5. One of my family was a beekeeper for while. The article is interesting to me because it describes beekeeping in the US. In the UK it's quite different, there's much less moving around.

    The depletion of topsoil problem that environmentalists often talk about is overblown for quite similar reasons.

  6. I am not so sure that natural scientists dismiss social sciences altogether - the very important field of sociobiology is an example, and while some of the members may dance around the naturalistic fallacy (it works this way in nature, therefore it is good), they don't always. A good example, I think, is the argumentation by Sarah Blaffer Hrdy in her book "Mother Nature."

    Oftentimes, though, it seems like natural scientists are hard up against a need to try to explain the subtleties of their findings or arguments (from a few months back, my reply on the chicken-or-egg question is an example of this) and so they are unable to engage with social implications or make policy recommendations without risking a distortion of their own findings.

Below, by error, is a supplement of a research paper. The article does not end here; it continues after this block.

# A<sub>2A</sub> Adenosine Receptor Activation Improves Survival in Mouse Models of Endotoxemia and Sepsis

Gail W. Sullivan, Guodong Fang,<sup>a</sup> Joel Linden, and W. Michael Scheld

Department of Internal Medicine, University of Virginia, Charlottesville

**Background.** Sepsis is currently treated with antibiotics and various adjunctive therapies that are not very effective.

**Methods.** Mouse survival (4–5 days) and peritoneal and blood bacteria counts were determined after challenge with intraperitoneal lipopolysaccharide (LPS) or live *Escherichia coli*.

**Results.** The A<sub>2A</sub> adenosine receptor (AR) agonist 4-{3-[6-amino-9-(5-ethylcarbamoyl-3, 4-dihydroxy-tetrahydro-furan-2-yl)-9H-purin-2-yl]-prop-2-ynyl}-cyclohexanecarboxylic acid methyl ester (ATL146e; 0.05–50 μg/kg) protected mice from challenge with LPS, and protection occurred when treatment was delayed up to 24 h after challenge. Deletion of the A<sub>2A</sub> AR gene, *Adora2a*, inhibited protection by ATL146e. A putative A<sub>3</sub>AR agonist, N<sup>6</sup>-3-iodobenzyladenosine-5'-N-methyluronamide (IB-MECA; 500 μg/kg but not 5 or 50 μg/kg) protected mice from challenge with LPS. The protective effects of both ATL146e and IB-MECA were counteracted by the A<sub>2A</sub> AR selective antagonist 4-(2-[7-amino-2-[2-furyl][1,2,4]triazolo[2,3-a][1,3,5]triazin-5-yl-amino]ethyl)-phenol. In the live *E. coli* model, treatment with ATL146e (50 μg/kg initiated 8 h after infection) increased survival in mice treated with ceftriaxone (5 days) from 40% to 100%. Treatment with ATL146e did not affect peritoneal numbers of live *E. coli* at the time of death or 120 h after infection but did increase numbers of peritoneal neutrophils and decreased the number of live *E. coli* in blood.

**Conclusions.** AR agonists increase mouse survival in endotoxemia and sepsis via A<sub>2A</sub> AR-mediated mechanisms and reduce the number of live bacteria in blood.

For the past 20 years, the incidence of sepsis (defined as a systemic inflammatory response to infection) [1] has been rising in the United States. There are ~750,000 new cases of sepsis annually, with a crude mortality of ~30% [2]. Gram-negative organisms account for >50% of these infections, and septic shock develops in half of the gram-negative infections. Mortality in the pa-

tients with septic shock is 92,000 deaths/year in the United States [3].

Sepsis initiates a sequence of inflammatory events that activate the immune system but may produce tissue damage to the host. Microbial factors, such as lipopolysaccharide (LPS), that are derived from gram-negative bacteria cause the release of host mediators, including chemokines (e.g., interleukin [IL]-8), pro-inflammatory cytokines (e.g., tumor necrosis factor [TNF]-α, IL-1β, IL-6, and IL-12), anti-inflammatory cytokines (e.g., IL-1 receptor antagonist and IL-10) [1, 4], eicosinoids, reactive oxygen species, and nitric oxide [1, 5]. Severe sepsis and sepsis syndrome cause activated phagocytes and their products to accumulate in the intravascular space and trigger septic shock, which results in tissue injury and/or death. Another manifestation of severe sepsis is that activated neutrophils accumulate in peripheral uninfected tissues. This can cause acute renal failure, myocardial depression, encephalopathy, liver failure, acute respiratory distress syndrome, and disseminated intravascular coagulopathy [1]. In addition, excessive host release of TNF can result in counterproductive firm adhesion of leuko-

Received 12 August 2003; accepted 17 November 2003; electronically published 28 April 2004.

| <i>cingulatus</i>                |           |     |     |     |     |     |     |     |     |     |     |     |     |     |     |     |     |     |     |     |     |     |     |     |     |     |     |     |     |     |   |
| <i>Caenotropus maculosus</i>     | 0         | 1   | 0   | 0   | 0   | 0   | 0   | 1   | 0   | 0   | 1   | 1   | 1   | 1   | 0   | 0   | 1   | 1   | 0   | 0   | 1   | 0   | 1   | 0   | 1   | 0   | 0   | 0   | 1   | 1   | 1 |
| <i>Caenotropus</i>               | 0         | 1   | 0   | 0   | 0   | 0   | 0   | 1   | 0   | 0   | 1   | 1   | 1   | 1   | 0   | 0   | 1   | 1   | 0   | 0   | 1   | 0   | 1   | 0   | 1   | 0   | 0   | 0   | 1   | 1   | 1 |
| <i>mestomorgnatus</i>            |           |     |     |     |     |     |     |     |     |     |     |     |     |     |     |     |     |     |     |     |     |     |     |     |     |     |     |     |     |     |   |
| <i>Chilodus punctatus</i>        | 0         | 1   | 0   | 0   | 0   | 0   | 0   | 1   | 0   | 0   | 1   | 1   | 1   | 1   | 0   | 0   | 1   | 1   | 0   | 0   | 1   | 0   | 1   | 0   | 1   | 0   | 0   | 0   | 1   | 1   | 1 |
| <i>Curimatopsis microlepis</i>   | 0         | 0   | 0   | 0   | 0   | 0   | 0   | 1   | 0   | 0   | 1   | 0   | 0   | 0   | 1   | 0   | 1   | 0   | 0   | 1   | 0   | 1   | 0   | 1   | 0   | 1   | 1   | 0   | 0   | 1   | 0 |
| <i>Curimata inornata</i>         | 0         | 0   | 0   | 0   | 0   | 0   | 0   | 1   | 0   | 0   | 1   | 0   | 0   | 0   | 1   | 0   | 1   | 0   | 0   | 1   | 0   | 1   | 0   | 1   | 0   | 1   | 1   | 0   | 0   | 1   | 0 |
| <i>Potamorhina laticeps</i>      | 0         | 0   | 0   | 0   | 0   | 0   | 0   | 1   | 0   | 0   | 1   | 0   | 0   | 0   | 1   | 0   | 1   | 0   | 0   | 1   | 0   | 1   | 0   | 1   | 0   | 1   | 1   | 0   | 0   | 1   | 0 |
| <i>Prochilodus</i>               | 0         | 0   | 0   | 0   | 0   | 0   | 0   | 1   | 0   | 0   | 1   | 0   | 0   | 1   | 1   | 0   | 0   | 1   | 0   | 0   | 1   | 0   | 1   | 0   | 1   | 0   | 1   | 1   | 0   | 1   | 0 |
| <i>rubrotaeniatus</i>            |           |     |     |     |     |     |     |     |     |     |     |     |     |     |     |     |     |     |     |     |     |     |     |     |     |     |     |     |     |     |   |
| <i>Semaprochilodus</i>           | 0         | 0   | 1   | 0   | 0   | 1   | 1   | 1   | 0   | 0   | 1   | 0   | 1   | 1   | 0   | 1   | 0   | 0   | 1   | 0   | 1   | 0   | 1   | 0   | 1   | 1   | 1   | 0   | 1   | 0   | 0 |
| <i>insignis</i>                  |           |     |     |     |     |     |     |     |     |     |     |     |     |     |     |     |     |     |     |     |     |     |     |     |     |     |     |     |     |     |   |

7. Also, I would have to say that this can work both ways. On the abortion debate one finds lots of people who ignore basic facts of life on the planet - the facts of fecundity (most babies are not going to make it, and that is the "design" apparent in nature), the reality of dynasticism and games-playing to ensure offspring in many socially advanced animals (people, not the least) are two examples.

    So wow, nature is pretty bad about respecting our wishes for not enforcing needless suffering, but we don't have to consider ourselves hopelessly entangled in "the way things are" (the naturalistic fallacy). It doesn't make sense to try to design social policies or even formulate personal goals without understanding some of these basics, however.